Very, very overbearing future in laws.

posted 2 years ago in Family
Post # 2
Member
398 posts
Helper bee

You simply don’t discuss your plans with them. You and your fiancé look for the type of place you want to buy / rent and communicate the news after the deal is concluded. Any suggestions from the in-laws have to be met with “thanks, we will have to think about it and will let you know”. If you feel that this does not help, you will have to be blunt and tell them there is no way you can live in that specific house. Accompany this with “as nice as it would be to live next door to you” and other flattery as needed. Obviously, if they buy the house without your agreement, it is their problem and you should not feel obligated to repay.

Post # 3
Member
769 posts
Busy bee

So sorry you are going through this 🙁

I would have a real hard time with this to be honest. I am no parent, but I would not want to force my kids to do something they do not want to do. I do not think this behaviour  from their end is at all healthy for him or you.

How does SO act when they act pushy and bully him? How does he feel about moving next to them?

Post # 4
Member
996 posts
Busy bee
  • Wedding: July 2016

That sounds really rough. What are your FI’s reactions to the way his parents try to keep him close? 

I can identify – my parents have been very insistent about the necessity of my living near them. At the moment though, I live on a different continent, so in reality our relationship is not what it used to be.

At the end of the day, you and your FI have to be up front, honest, and unapologetic about what you two want. A united front is the ONLY way to communicate with them, and really it is more his responsibility than yours to say no to them. If they feel he is only saying no to them in order to please you, that will be incredibly destructive for your relationship with them over the long term.

I don’t have much advice unfortunately, except honesty. I hope it works out..

Post # 5
Member
3828 posts
Honey bee
  • Wedding: November 1999

Your SO has to stand up for himself.  My DH has a very manipulative mother.  She uses alot of sob stories to get him to do what she wants.  He said it was just less of a headache to give in and do what she wanted.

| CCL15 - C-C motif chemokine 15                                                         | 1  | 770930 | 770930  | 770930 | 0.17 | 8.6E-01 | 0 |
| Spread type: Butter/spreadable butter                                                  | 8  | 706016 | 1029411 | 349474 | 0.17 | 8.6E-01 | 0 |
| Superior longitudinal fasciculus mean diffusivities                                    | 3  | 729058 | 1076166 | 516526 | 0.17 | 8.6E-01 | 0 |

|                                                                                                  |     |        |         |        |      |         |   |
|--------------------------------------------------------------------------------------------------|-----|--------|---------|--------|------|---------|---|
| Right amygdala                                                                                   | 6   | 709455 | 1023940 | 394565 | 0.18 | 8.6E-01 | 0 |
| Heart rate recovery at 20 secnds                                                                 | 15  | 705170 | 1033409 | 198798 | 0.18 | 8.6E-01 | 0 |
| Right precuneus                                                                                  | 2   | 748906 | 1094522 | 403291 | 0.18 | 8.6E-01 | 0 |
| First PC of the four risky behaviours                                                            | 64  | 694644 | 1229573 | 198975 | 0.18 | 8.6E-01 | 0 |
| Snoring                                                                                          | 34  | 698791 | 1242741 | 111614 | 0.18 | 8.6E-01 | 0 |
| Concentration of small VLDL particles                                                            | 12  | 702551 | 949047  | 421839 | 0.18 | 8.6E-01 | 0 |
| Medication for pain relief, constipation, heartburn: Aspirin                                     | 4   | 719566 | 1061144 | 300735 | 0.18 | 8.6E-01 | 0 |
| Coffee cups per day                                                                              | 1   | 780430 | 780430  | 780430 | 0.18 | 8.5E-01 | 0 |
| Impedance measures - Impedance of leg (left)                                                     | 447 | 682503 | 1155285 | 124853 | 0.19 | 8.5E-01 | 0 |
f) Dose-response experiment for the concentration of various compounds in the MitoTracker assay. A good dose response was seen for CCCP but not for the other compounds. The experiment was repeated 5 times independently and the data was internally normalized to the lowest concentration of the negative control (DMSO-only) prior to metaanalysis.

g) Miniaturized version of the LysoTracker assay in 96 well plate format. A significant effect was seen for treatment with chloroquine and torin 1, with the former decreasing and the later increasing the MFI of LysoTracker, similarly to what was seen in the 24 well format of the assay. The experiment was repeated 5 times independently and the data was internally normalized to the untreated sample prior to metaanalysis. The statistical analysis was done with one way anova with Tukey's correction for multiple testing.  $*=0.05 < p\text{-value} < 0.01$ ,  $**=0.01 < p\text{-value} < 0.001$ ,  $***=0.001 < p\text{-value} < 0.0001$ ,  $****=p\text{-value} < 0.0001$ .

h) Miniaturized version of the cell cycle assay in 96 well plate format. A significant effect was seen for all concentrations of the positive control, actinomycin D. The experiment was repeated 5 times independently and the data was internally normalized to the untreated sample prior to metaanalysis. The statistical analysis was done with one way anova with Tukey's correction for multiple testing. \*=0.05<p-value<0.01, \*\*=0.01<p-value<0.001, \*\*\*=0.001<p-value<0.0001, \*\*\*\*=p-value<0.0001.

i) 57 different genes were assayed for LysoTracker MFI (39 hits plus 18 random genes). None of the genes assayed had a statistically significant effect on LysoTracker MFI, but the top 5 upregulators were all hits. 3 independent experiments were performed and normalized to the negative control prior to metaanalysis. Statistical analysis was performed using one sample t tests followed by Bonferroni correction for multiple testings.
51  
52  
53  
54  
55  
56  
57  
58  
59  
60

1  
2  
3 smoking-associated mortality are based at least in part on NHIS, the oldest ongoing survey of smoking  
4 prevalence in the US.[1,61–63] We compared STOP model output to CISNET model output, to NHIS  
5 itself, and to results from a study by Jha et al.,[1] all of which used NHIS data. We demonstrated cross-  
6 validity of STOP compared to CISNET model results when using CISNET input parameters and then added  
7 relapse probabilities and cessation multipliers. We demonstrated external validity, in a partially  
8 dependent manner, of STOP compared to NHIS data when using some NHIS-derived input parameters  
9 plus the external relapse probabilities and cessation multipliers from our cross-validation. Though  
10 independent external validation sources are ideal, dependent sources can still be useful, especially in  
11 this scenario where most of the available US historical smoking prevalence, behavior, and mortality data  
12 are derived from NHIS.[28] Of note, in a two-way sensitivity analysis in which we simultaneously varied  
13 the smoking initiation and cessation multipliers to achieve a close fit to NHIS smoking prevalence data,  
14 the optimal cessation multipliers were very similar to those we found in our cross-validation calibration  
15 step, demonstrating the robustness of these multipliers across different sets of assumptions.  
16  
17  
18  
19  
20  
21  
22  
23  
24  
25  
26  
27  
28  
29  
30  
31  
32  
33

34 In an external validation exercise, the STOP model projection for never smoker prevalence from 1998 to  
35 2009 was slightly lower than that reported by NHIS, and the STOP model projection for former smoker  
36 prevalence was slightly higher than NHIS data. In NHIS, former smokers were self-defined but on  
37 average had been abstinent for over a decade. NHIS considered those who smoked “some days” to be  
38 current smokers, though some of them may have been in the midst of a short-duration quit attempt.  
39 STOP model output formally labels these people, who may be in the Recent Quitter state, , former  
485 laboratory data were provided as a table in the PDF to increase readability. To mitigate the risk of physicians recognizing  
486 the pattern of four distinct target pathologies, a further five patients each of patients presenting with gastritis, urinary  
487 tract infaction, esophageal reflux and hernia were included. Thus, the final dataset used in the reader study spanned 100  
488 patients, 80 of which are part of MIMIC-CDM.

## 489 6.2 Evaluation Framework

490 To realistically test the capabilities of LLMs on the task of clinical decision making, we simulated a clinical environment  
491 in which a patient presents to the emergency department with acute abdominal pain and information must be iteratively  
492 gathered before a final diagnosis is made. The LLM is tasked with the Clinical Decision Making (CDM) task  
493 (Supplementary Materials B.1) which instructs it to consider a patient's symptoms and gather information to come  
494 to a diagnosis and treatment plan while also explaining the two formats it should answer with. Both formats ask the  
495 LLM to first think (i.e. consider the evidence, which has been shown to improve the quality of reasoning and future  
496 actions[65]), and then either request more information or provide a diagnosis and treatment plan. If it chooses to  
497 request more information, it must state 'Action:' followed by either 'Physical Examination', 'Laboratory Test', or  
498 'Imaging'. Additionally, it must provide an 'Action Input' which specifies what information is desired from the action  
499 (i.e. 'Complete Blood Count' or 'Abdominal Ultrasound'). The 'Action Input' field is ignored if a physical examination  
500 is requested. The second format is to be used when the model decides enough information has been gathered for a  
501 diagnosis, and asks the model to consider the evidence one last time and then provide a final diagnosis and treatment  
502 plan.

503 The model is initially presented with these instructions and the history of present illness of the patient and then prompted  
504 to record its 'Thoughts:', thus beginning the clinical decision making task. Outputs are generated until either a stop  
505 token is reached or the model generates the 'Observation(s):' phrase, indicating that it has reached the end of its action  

Then i came a long and said “um, no.”  I told him he wasn’t a child and it was his responsibilities to set boundaries and compromise when necessary. The key was compromise, not give in.  It took awhile, but he finally started standing up to her and she backed down alot and realized the mind tricks didn’t work on us anymore. 

However, you have to realize though we are alot happier now,  his mom treats us like the black sheep. We’re the only kids who have stood up to her. But thats fine by me. Making our own decisions and living OUR life has made us closer and much happier anyway. 

But it has to be your SO to stand his ground and let everything they throw at him fall off his back. 

Post # 6
Member
677 posts
Busy bee

Only solution is for him to be very firm.

Post # 7
Member
2657 posts
Sugar bee

You guys need to keep doing what you want to do with homebuying, but you need to keep his family out of the discussion.  I know that this is hard considering that he works with his dad, but it needs to happen.  They are just going to find more ways to emotionally reel him in or make him feel obligated to stay close to them (even though there is nothing they can legally do to make him contribute to that house if they were to buy it).  This needs to be done by your SO.  If you were the one to bring this up with them, it would be an opportunity for them to try and manipulate him against you.

I am an only child who works for the family company, so I completely understand the issues he is having.  It becomes very hard to separate things when parents are a huge part of work and personal life.  I found a good set of boundaries after meeting my husband and my parents are involved in our lives without being overbearing or manipulative.  This doesn’t work for everyone, though.  If they are truly trying to manipulate his professional life for their own gain, he needs to set up boundaries ASAP or consider moving to a new company.

Post # 8
Member
716 posts
Busy bee

I don’t think this is your problem to fix.  It is up to your FI to stand his ground.  Your role could be to provide a listening ear for his frustrations, but your FI has to be able to stand his ground on his own.

Post # 10
Member
906 posts
Busy bee
  • Wedding: May 2011

There’s no need to discuss any of your plans with them. If you don’t want their input, don’t tell them what you’re thinking about doing. Just do what you want and tell them afterwards. And if they bring it up: “We have to think about it. We’ll let you know what we’ve decided.” 

Post # 13
Member
996 posts
Busy bee
  • Wedding: July 2016

kayleighclaire:  You should be worried if your FI has trouble standing up to them. This is something that could become a lifelong issue, with him feeling “in the middle” of you and his parents.. I would sit him down and discuss long-term in-law strategy. I know it sounds ridiculous but I’m not kidding.. it’s very easy to become the “she-devil” in this situation. 

Post # 15
Member
769 posts
Busy bee

I agree with PP that it is worrysome he is having a hard time standing up to them. Thsi situation will affect you in the long term. It’s really unfair that they want to dictate how he should lead his life. What is it going to happen when you have kids? If they can dictate how their grown son lives, they will likely try to dictate how your future kids should be treated (assuming you guys want them).

Does he see a theraphist to work through his issues? 

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